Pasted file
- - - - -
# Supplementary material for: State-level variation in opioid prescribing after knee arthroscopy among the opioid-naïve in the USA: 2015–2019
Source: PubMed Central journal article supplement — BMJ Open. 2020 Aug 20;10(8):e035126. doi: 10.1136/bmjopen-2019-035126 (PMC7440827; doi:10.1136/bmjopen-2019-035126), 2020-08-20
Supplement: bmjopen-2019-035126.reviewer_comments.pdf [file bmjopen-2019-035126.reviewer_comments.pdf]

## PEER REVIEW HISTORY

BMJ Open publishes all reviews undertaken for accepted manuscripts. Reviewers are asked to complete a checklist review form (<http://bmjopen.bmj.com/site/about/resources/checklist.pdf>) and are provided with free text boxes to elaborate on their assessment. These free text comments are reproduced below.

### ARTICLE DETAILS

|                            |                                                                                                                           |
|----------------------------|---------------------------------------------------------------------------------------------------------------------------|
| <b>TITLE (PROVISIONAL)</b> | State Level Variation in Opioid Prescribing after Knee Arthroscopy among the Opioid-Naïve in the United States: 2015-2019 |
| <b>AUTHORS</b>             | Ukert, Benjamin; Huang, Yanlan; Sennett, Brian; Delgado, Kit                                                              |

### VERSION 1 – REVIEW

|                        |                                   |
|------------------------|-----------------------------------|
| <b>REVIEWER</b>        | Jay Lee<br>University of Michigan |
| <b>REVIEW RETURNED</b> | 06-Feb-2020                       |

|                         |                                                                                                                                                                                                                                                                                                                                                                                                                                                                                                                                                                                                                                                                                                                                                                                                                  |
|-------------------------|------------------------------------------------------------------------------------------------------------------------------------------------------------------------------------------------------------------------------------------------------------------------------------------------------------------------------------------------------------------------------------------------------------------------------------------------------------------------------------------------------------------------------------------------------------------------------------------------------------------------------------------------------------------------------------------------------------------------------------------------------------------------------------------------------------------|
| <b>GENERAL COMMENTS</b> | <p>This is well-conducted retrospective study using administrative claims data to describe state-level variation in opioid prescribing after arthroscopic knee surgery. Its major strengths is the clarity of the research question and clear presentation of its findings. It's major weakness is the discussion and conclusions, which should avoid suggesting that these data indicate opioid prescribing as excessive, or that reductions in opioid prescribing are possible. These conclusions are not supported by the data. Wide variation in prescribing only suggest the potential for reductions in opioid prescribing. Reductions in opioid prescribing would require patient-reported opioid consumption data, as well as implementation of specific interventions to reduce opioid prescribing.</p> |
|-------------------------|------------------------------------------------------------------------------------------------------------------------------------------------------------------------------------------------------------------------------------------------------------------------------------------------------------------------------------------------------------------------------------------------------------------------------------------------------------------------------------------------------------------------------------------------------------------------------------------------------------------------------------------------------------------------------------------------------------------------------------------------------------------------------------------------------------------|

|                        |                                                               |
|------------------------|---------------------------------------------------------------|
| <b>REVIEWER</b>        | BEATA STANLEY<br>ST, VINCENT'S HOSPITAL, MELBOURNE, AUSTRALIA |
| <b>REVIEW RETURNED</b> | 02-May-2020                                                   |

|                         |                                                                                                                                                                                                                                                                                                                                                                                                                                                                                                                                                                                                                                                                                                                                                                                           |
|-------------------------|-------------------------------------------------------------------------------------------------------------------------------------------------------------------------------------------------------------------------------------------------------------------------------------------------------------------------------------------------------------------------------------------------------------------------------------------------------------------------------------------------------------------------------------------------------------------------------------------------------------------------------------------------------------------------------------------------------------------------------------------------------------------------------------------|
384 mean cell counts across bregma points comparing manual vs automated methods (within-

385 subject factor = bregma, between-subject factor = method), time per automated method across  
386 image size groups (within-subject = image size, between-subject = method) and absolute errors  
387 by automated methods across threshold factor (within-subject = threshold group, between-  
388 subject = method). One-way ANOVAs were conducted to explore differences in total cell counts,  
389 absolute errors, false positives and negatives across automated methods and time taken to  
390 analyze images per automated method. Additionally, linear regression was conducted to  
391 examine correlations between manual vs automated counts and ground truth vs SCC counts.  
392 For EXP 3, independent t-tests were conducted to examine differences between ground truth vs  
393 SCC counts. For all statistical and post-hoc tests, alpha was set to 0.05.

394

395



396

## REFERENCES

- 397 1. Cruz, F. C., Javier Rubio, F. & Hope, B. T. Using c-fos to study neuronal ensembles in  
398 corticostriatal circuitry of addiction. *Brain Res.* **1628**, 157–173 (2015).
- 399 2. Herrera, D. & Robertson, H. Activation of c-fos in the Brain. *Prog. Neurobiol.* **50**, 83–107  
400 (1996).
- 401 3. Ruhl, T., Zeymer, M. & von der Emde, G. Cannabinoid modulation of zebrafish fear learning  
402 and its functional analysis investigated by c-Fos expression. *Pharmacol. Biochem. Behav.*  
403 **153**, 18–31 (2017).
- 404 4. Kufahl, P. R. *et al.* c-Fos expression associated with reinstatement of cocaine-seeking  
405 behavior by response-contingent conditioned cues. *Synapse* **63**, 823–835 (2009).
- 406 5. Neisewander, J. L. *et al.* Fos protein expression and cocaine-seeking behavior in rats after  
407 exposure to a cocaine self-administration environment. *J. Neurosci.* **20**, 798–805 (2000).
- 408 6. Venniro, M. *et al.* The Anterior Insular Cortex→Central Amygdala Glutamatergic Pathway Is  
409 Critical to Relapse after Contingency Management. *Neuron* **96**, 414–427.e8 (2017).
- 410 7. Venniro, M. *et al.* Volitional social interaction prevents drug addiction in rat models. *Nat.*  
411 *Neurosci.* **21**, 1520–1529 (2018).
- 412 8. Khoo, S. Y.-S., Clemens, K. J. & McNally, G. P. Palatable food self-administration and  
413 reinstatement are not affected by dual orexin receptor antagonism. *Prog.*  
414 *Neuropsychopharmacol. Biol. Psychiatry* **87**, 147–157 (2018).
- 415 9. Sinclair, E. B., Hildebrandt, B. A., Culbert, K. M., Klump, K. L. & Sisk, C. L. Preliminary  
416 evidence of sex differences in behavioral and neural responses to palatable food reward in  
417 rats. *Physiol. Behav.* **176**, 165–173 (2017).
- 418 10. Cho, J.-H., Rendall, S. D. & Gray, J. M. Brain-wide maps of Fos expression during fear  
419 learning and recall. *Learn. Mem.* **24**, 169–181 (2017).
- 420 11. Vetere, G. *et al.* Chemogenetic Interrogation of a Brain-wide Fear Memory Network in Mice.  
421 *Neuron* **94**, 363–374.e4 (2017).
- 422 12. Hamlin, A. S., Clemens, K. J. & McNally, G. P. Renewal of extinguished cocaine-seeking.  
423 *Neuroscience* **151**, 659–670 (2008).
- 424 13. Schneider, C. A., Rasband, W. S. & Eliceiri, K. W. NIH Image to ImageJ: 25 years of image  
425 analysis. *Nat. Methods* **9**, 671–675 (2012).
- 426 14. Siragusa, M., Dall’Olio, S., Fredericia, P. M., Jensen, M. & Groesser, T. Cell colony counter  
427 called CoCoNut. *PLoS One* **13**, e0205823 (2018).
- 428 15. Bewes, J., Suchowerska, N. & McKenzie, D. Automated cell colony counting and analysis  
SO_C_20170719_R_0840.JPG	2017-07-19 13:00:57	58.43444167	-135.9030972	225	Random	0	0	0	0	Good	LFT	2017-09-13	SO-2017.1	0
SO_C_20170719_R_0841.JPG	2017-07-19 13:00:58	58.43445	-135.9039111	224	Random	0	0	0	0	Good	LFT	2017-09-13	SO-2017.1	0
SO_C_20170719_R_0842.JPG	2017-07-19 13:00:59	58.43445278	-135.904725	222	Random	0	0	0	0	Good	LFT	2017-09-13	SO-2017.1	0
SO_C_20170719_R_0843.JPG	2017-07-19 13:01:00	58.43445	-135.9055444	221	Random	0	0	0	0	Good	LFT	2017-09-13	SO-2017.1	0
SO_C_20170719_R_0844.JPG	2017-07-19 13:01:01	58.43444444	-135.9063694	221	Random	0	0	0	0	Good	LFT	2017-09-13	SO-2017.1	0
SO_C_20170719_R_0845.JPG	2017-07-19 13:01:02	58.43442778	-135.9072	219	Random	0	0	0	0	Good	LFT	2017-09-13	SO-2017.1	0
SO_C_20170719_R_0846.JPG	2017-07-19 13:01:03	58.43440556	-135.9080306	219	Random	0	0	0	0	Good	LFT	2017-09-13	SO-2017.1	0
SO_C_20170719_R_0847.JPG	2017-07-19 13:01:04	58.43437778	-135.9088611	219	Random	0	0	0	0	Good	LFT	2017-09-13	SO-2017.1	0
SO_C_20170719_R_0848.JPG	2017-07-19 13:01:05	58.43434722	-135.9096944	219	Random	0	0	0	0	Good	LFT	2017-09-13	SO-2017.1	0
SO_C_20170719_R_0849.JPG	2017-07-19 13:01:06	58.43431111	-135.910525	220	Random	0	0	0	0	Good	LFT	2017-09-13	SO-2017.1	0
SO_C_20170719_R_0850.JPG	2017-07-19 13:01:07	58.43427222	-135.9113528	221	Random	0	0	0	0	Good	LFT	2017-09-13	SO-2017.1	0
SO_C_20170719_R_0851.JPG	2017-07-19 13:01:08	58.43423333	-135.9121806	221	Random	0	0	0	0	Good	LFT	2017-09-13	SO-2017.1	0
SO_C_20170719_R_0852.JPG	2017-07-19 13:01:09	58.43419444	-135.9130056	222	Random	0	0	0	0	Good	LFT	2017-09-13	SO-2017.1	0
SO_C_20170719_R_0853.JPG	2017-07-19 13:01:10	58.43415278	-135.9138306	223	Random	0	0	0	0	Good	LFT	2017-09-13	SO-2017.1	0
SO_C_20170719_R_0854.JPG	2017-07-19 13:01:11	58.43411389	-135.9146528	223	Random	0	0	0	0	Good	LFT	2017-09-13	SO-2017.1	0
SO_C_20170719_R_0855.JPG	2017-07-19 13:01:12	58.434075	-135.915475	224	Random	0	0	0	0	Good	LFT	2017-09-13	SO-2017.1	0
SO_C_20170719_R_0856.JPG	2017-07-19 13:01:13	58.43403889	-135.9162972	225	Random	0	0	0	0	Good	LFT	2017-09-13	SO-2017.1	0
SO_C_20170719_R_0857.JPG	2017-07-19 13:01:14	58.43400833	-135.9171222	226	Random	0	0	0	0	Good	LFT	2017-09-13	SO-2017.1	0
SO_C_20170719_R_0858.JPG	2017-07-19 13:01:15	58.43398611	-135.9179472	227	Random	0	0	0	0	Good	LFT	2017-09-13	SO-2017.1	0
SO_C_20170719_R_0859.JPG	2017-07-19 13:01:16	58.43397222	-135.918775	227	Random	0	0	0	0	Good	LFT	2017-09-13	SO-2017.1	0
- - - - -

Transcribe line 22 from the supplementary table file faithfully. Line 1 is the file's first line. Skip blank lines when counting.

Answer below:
| <b>REVIEWER</b>        | BEATA STANLEY<br>ST, VINCENT'S HOSPITAL, MELBOURNE, AUSTRALIA |